That's a lot of things they got right! This is pretty good performance and in any other century, would have been good enough. But today, as consumers, we've been trained by the likes of Amazon.com to expect not just Operational Excellence, but rather Operational Perfection. As entrepreneurs, why is operational perfection necessary? Let's use the Untuckit example as an illustration.Why is this important? First, when you've gone to the trouble and expense of delivering a product to a customer, only to have it returned and refunded, your company loses twice as much as if you'd never made the sale in the first place. Second, in today's climate, consumer backlash (negative comments, posts and tweets) is rampant. It's no longer true that "any publicity is good publicity". A bad subreddit or tweet can really hurt your businesses conversion rates. But most importantly, to build your brand and momentum, you need as many rabidly loyal fans as you can get. Operational perfection is a reason for people recommend you to their friends and colleagues.How can we achieve operational perfection? Each company is different, but in the case of my experience with Untuckit, we can break it down. I hope you can apply these lessons to your business.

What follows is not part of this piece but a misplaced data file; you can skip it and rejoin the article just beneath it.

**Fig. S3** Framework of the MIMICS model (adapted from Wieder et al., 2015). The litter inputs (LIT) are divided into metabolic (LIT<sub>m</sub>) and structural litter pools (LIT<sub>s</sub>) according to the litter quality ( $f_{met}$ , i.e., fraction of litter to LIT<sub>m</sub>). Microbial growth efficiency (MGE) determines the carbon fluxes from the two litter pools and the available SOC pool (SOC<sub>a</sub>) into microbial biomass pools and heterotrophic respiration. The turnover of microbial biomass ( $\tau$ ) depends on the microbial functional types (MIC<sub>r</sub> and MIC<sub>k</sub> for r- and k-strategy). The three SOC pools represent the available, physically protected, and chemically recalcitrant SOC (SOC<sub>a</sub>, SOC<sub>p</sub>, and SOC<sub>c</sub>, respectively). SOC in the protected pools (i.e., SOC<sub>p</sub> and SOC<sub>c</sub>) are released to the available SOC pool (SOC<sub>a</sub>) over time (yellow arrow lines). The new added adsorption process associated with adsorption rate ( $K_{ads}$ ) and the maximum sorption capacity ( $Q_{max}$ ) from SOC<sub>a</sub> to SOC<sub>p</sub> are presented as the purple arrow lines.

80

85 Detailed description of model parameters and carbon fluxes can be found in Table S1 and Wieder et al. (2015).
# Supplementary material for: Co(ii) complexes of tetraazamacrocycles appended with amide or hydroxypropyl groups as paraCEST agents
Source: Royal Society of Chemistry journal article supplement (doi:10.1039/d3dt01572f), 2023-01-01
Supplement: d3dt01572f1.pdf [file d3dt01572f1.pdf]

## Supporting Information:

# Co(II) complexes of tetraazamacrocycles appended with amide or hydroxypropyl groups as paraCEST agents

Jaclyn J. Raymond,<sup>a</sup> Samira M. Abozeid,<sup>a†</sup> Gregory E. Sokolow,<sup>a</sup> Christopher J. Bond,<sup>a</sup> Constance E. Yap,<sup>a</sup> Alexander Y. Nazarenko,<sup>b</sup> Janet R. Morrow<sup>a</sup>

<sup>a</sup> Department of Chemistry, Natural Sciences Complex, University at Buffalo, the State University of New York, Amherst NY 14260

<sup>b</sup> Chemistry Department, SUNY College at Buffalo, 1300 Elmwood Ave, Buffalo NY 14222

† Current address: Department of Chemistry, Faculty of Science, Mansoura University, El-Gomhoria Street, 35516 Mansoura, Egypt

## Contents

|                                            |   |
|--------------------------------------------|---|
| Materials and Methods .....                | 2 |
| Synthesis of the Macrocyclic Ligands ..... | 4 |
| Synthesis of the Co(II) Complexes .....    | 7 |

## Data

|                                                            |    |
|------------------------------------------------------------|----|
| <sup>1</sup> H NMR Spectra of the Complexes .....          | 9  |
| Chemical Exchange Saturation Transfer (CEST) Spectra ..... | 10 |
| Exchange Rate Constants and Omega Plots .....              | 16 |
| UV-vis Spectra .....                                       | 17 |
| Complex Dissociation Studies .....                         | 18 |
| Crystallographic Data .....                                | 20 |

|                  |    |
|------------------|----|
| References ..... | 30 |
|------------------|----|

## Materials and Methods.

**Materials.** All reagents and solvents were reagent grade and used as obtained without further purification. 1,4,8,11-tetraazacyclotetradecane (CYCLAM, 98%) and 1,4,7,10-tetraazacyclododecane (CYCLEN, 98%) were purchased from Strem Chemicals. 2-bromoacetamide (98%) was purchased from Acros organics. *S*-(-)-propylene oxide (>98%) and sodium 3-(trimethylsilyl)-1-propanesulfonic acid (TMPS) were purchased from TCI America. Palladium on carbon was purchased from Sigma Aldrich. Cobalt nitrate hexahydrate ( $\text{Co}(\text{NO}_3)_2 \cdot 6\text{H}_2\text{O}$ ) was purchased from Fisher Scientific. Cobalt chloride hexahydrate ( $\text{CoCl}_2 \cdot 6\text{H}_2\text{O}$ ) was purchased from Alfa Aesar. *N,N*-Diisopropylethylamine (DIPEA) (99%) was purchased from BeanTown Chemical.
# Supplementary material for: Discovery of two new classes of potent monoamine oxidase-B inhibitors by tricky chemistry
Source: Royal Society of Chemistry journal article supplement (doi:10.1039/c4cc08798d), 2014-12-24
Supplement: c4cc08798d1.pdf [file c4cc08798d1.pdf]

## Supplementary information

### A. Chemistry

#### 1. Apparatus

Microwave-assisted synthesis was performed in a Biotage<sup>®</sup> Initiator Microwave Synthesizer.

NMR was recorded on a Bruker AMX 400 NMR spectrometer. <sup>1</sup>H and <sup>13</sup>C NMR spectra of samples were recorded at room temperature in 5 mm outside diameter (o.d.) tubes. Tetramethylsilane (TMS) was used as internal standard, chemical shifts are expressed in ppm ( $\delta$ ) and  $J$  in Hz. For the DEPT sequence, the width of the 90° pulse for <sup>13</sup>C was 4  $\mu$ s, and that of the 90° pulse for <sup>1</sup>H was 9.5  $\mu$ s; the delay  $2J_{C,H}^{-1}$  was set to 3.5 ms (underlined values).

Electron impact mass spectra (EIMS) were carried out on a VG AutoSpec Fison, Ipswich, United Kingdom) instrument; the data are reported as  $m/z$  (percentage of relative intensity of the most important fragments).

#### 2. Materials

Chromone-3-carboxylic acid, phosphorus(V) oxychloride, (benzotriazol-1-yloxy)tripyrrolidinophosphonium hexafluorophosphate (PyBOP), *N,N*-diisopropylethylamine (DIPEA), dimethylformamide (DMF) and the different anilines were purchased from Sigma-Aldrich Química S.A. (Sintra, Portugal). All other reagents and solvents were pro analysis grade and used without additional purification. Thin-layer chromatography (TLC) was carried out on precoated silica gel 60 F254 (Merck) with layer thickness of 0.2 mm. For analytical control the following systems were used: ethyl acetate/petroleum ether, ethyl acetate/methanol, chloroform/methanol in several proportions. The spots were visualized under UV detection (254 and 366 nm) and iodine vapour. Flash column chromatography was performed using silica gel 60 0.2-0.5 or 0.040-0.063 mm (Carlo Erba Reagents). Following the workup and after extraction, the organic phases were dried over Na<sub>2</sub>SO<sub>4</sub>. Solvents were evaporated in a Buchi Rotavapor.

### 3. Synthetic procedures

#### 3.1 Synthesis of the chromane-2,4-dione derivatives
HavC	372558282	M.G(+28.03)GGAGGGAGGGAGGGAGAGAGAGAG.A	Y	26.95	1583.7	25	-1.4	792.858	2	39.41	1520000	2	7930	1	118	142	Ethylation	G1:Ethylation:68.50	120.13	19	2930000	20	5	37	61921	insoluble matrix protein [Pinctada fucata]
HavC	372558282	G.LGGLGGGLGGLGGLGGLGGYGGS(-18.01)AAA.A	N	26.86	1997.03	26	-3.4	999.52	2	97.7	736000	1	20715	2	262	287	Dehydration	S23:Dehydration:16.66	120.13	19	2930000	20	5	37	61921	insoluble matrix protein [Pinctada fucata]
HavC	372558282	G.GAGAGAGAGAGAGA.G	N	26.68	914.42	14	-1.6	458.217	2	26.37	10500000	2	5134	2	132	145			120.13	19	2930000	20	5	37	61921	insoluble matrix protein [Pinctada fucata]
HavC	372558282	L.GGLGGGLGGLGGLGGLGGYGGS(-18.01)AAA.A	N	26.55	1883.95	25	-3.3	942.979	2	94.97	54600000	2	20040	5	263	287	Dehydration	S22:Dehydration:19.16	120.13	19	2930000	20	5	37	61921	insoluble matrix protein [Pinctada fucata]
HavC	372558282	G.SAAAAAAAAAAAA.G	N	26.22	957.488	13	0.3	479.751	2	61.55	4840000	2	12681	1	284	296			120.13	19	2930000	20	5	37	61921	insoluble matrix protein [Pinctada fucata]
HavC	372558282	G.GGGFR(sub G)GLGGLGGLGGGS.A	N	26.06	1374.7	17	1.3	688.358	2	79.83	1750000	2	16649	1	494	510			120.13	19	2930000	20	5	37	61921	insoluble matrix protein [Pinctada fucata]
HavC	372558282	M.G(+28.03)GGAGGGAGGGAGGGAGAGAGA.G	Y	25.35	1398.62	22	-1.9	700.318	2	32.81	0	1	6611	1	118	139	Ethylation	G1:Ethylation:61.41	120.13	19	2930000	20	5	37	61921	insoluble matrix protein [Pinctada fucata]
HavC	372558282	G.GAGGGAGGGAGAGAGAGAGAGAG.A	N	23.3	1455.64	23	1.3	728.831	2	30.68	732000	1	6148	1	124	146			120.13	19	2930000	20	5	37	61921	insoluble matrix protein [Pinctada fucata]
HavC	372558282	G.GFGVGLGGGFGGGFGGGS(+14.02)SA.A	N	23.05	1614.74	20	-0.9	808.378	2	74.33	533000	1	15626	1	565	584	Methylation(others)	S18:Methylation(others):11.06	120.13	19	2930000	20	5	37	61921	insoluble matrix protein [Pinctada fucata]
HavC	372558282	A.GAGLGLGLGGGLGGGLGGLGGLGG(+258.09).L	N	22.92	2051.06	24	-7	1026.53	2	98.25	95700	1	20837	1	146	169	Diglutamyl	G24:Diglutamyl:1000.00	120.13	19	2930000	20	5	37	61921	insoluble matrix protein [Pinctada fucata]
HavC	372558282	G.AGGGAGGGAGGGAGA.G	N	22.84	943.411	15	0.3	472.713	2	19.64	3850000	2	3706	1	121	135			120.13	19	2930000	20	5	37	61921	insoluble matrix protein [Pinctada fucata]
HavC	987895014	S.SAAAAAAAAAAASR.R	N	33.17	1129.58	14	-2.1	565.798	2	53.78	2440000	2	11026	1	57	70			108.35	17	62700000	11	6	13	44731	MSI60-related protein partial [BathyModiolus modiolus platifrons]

1. the product didn't meet the customer's expectation (in this case, the shirt didn't fit). Untuckit already knew they had a problem in this area. Their website says, "Please note that our shirts do run on the smaller side so if you are right on the border please buy one size up. Please note these are standard sleeve lengths. Dress shirts sleeve lengths do not translate to casual shirt sleeve lengths. As an example if you wear a 32/33 dress shirt sleeve length then a medium will fit you. If any questions or confusion please email us." Confused, yes. If you've got a paragraph like this anywhere in your ordering process, what do you think it will do to your conversion rates? I shouldn't have to email you to get unconfused! This text gives me three options, none of them pretty for the business: 1) order the product (as I did) and return it at your cost; or 2) go shop somewhere I'm not confused (what the majority of people will do because the confused mind says, "No"; or 3) don't order the product and either email you or don't. None of these has a great outcome, except for the statistically random sample of people for whom the product happens to fit. I don't know what percentage that is, but I know for certain that a few of hours making this part of order process less confusing will make the company's metrics improve. There are lots of ways to make sure a shirt is going to fit if you give me enough information/images/examples (e.g. here or here).